Coherent Omnipresent Fluctuations in the Ionosphere

Open Access
Livneh, Dorey Joseph
Graduate Program:
Electrical Engineering
Doctor of Philosophy
Document Type:
Date of Defense:
March 03, 2009
Committee Members:
  • J Ohn D Mathews, Dissertation Advisor
  • John David Mathews, Committee Chair
  • C Russell Philbrick, Committee Member
  • Victor P Pasko, Committee Member
  • Hampton Nelson Shirer, Committee Member
  • ionosphere
  • gravity waves
  • coupling
  • MSTIDs
  • radar
  • magnetosphere
  • thermosphere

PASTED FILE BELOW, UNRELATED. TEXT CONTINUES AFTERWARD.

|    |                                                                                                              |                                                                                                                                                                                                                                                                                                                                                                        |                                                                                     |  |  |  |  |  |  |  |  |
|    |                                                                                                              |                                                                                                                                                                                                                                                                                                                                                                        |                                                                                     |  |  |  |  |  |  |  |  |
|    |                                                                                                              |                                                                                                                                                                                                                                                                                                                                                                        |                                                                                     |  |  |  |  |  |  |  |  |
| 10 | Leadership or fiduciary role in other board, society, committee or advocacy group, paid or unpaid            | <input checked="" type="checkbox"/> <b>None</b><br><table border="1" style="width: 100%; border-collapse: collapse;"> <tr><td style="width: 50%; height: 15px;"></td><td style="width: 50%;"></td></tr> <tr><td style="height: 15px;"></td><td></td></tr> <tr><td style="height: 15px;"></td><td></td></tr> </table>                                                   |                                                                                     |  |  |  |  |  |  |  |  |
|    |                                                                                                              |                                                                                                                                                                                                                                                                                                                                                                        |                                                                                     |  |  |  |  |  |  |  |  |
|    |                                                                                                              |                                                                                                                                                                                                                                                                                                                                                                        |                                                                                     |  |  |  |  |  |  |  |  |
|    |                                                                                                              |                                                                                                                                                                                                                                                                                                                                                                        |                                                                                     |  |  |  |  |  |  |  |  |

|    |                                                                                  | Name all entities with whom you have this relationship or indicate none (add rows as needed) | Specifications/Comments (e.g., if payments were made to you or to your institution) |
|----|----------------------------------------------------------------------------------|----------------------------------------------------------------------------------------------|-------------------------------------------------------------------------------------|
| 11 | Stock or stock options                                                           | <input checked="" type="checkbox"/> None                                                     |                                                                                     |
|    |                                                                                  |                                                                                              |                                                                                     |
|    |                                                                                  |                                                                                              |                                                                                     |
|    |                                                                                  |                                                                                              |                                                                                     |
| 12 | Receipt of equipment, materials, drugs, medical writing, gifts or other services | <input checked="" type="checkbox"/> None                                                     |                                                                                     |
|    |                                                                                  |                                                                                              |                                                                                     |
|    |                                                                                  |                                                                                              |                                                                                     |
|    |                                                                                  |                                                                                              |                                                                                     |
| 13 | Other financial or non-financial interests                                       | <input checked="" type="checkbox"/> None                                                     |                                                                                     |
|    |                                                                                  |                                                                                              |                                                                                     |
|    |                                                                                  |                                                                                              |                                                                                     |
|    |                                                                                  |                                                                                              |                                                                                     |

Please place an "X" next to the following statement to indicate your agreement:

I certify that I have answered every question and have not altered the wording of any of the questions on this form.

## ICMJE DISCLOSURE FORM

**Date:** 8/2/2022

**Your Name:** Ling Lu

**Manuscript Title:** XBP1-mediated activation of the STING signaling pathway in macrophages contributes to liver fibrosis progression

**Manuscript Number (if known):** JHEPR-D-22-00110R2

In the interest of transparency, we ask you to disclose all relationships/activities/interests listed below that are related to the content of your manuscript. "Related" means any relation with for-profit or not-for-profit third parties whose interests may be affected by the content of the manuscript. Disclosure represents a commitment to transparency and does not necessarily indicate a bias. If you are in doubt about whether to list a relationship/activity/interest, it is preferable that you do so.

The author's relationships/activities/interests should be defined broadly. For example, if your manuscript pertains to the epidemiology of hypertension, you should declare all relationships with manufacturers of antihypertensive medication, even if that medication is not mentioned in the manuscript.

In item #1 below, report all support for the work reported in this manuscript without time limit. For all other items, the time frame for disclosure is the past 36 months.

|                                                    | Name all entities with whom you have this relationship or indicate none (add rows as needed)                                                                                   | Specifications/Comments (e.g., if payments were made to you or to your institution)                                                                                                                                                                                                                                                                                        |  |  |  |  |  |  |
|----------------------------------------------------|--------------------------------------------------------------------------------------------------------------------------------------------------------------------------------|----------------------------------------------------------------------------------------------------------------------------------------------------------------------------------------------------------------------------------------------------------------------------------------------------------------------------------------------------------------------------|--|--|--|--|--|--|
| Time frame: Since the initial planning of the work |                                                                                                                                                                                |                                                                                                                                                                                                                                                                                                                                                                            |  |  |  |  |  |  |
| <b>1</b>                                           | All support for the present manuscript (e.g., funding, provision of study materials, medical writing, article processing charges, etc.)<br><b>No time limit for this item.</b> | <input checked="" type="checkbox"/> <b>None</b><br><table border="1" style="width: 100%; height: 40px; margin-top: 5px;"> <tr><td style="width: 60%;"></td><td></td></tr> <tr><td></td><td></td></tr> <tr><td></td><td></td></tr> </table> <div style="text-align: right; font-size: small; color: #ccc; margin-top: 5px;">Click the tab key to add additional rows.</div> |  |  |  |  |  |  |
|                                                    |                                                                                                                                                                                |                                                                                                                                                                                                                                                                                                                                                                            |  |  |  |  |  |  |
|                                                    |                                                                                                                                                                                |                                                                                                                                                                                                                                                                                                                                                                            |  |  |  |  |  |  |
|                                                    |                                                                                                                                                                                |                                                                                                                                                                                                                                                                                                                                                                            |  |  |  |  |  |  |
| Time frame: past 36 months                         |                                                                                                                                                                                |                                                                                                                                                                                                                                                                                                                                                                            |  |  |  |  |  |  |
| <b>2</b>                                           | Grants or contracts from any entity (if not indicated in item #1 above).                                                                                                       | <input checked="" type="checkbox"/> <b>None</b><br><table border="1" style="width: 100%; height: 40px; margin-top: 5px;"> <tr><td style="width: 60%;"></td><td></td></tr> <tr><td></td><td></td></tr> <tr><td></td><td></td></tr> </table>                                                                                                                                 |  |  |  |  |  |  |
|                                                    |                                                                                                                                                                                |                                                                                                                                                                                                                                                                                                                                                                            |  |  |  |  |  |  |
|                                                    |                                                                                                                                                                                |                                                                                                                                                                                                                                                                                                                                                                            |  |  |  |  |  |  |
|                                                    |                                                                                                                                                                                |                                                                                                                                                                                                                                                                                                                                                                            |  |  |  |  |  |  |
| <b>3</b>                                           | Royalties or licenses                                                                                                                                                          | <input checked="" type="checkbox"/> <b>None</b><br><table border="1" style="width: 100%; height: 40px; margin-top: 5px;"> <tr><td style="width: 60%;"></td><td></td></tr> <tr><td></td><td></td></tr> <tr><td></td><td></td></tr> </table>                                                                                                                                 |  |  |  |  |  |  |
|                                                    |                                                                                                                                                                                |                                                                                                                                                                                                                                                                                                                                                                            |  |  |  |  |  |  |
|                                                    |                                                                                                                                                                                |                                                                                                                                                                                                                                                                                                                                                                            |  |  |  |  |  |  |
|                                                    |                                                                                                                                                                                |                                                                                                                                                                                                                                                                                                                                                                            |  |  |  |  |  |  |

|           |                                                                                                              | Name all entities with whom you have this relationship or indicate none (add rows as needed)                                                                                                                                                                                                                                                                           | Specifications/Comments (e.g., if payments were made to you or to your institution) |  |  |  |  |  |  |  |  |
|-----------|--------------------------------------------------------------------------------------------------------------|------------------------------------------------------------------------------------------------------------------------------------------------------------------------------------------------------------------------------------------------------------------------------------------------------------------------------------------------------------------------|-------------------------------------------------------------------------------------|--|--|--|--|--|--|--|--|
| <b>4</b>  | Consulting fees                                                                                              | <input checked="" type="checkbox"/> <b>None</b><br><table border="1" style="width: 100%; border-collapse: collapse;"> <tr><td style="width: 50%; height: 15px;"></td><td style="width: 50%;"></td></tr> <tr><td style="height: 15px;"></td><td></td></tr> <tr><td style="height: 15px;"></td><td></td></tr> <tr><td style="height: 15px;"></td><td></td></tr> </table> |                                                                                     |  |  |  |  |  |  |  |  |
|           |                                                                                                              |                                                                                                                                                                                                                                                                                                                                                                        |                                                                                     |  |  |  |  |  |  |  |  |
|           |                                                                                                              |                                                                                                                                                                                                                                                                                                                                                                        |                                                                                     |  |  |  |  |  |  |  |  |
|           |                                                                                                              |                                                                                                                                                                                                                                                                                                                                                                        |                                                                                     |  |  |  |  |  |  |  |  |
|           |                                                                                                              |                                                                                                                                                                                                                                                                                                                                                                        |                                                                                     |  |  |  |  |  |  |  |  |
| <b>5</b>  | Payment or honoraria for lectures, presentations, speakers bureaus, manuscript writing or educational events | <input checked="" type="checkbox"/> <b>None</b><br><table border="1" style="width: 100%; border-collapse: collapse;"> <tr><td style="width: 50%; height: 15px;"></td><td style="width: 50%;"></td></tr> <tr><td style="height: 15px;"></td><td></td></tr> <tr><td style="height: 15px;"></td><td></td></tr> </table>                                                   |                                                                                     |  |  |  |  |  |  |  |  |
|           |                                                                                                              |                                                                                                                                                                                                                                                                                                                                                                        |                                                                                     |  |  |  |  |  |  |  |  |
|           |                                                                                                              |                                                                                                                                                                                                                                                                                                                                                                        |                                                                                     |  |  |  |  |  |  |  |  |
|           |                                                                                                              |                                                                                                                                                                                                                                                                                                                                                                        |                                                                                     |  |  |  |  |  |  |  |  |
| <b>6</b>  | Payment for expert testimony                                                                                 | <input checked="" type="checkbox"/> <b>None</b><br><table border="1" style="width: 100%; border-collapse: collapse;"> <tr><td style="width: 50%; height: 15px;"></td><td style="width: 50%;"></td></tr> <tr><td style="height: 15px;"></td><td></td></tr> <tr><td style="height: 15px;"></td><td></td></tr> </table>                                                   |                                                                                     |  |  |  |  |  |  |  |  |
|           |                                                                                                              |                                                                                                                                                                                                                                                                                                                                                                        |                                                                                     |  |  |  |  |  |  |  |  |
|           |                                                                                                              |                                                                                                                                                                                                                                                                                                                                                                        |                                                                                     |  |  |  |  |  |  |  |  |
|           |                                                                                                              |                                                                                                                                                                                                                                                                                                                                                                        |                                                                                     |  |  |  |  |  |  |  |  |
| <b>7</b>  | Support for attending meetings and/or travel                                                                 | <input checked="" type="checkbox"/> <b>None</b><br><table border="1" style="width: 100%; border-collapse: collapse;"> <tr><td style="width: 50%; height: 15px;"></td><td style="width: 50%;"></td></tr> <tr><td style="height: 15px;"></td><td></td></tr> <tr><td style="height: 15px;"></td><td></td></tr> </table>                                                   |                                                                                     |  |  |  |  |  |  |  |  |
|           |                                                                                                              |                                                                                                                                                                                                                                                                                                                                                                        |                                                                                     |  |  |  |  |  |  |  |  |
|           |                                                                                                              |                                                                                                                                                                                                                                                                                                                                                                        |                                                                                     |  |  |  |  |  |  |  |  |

Incoherent Scatter Radar power observations at Arecibo, Millstone Hill, and the Poker Flat AMISR have revealed the continuous presence of Coherent Omnipresent Fluctuations in the Ionosphere (COFIs) with periods ranging from roughly 30 to 60 minutes and apparent vertical wavelengths increasing with altitude from tens to hundreds of km. Upon high-pass filtering of the radar power profile and electron concentration data, the COFIs are seen unambiguously and ubiquitously in Arecibo results from 22-23 March 2004, 5-6 June, 21-25 September, and 17-20 November 2005, as well as in Millstone Hill results from 4 October to 4 November 2002. The COFIs are strong throughout the F-region, often spanning altitudes of 160 km to above 500 km, and are detected day and night in the F2-layer (above ~ 200 km). In fact, the COFIs are seen at every time and altitude that there is sufficient plasma to produce a radar echo. The COFIs also are observed at Poker Flat, although the poor signal-to-noise ratio over segments of the data makes it difficult to determine whether or not they are always present. The consistent detection of the COFIs, along with the longitudinal alignment and large latitudinal spread of the observation sites suggests that these waves always are present over at least a major portion of the northern hemisphere. This phenomenon appears to have been reported in Total Electron Concentration (TEC) maps of the ionosphere over much of North America as well as in airglow images from Arecibo and many other mid-latitude sites around the world. These observations give us insight into the horizontal properties of the waves. Although Medium Scale Traveling Ionospheric Disturbances (MSTIDs) generally are associated with aurorally generated acoustic-gravity waves (AGWs), the properties of the COFIs may suggest otherwise. Other possible source mechanisms are presented; notably a possible link to oscillations in the solar wind and magnetosphere is described. Consistent fluctuations with periods of about an hour have been observed in magnetic field measurements taken at geosynchronous altitudes by the Geostationary Operational Environmental Satellites (GOES)-10 and -12 satellites that may be linked to the COFIs. Concurrent solar wind data from ACE are presented in an attempt to find a more primary source of the COFIs. Both the AGW and magnetospheric explanations for the COFIs are discussed, along with arguments for and against each scenario.